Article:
Satisfying the demand for alternative theatre
Arts on Sunday
Al Creighton
Stabroek News
June 6, 2004

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Echoes of Inner Voices is a show for sophisticated as well as general audiences. It has range because it is good popular entertainment for the larger group which likes laughter, while being a theatrical treat for those who require more and who look for an intellectual challenge from the stage. It is written, produced and directed by Grace Chapman and was performed last week to good houses in Linden. It comes to Guyana at a time when there is an absence of an alternative theatre with a marked difference and is in many ways reminiscent of Women, Pieces, Places recently performed by Jamaica-American actress Sheryn Hilton-Parker at Cara Inn.

This kind of performance, while being an actress' dream because of its infinite acting possibilities, is downright difficult and frighteningly demanding. It insists upon a competent performer, variety, an interesting script or text, lively and effective stagecraft to occupy an audience with something to see, to listen to and to think about. Chapman's Echoes of Inner Voices has most of those ingredients. There is humour, commentary, at times thought-provoking variation in theme and place carried by a very good actress accompanied by Joseph Chapman as Dr Echoes and Paul Crawford as drummer.

Grace Chapman as a playwright was among those responsible for the impactful rise of local theatre and popular commercial drama about local situations in Guyana. Like Harold Bascom, who also began at Lichas Hall in Linden, she helped to set a trend with The Green Bottle when it moved to Georgetown. The Cultural Centre saw change with other plays taking up the devices of the cinema, spirit possession, melodrama and thrills. She departed shortly after, but last week returned to the cradle at Lichas Hall with a different type, quite away from those popular trends yet still attracted the audiences.

Echoes of Inner Voices paid very careful attention to production, aided by an effective team including management of the stage by Janice Gibson, meticulous costuming and puppetry by Ava Chapman, with helpful technical effects including a commendable semblance of artistic lighting and sound (Norman Chapman, Andrew Lewis, Gene Pepe Chapman, Troy Roberts).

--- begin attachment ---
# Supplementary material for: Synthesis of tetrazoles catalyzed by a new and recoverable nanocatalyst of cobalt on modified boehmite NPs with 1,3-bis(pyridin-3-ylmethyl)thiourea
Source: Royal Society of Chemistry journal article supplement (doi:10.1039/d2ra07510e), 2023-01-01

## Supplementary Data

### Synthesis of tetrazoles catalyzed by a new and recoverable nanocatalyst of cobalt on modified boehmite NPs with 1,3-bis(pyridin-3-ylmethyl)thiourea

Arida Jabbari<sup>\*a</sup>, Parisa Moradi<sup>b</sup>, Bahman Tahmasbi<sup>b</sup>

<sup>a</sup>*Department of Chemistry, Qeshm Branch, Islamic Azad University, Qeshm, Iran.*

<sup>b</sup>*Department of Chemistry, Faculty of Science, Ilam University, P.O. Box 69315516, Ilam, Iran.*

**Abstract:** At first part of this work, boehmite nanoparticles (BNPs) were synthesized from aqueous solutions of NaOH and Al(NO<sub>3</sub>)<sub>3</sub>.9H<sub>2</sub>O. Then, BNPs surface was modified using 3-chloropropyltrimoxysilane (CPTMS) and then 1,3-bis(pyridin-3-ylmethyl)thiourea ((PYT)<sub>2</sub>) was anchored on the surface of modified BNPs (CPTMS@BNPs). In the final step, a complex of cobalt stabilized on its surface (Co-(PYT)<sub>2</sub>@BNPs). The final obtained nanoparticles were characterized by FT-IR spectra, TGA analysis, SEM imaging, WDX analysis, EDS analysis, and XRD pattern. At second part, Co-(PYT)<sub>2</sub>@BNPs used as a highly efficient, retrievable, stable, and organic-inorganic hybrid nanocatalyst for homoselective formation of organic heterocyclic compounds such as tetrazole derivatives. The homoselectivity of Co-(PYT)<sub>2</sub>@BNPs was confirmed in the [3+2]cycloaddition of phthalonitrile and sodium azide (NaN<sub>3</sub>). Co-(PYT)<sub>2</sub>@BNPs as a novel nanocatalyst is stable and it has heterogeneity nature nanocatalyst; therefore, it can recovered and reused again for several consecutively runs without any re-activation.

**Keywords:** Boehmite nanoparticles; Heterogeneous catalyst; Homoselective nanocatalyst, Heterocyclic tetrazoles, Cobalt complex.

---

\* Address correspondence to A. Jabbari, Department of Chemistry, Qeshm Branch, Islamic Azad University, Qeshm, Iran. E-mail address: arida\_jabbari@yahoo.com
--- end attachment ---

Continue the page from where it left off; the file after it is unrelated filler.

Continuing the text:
It consisted of many acts and characters, each different and unconnected, but loosely held together by an enabling 'plot'. A woman talks to a psychiatrist because she is possessed by voices, which become different characters and echoes of different situations including Freudian return to events of childhood and Jungian pre-natal echoes.

Despite that potentially intriguing design, the production is not without fault. One of its great strengths was the detailed, effective, sometimes realistic costuming and this was obviously the cause of the greatest flaw. Lengthy costume and make-up changes led to resulting gaps between scenes filled by music. The obvious need for links was responsible for another weakness. Joseph Chapman as Dr Echoes spoke his part well. He provided that necessary theatrical framework to bridge the gaps and fabricate a plot. But this frame was frail. After a very good start it subsided into brief introductions explaining what the acts were about. This became clearly redundant since the acts spoke eloquently for themselves in dramatization that made explanations unnecessary irritants.

Besides that, a normal expectation in such a production is that some pieces are less successful than others. But the better ones saw to it that the production was marked by a number of very powerful sequences, the work of an intelligent writer, a strong, versatile, sensitive actress and a more than competent dancer.

Her all-round performance was enhanced by techniques such as the use of masks that were very appropriate for the concept of schizophrenia in the feigned psychological framework. The different voices that possessed the protagonist were dramatized through the various characters - her changing personalities which began with a dance entitled "Who", that fittingly questioned the audience.

The techniques reached a peak in another outstanding feature which helped to make the production refreshingly different while demonstrating another of Miss Chapman's talents. Part of the childhood sequence took the form of a puppet show with two of the best pieces of the night. They were consistent with the idea of fantasy and a child's learning process. The puppetry was excellent theatre, provoking the question why there was not more of it.

Other questions concerned the style of narration: why did such a multi-talented actress deliver many of her lines in a sometimes discordant, halting, disjointed quality? It was a distracting habit surprising in such a good, dramatic storyteller. Those stories told scenes from her Linden background, including the "Mining Horn" which controlled and marked a life of routines. Yet the pieces continued to raise questions of identity as the protagonist lives through her many masks. These included the sensitivity of a school-girl's struggle with poetry in a transformation from boredom to fascination, moving to other more uninhibited colourful character portrayals. They traded on good, comic characterization from the ironic laughter emanating from an abusive female in "Two Timing Scoundrel"; an inquiring neighbour exposing a cheating butcher in "Bad Meat"; the pork-knocker's wife visited by the ghost of Sir Walter Ralegh, to the story of an "Ol Higue".

In all, Echoes of Inner Voices is a fulfilling excursion into imaginative, creative theatre. Audiences in Linden were lucky enough to have seen it since the dramatist is on a visit to her hometown.

But it satisfies the ongoing demand for an alternative theatre in Guyana and deserves to be seen by a wider audience.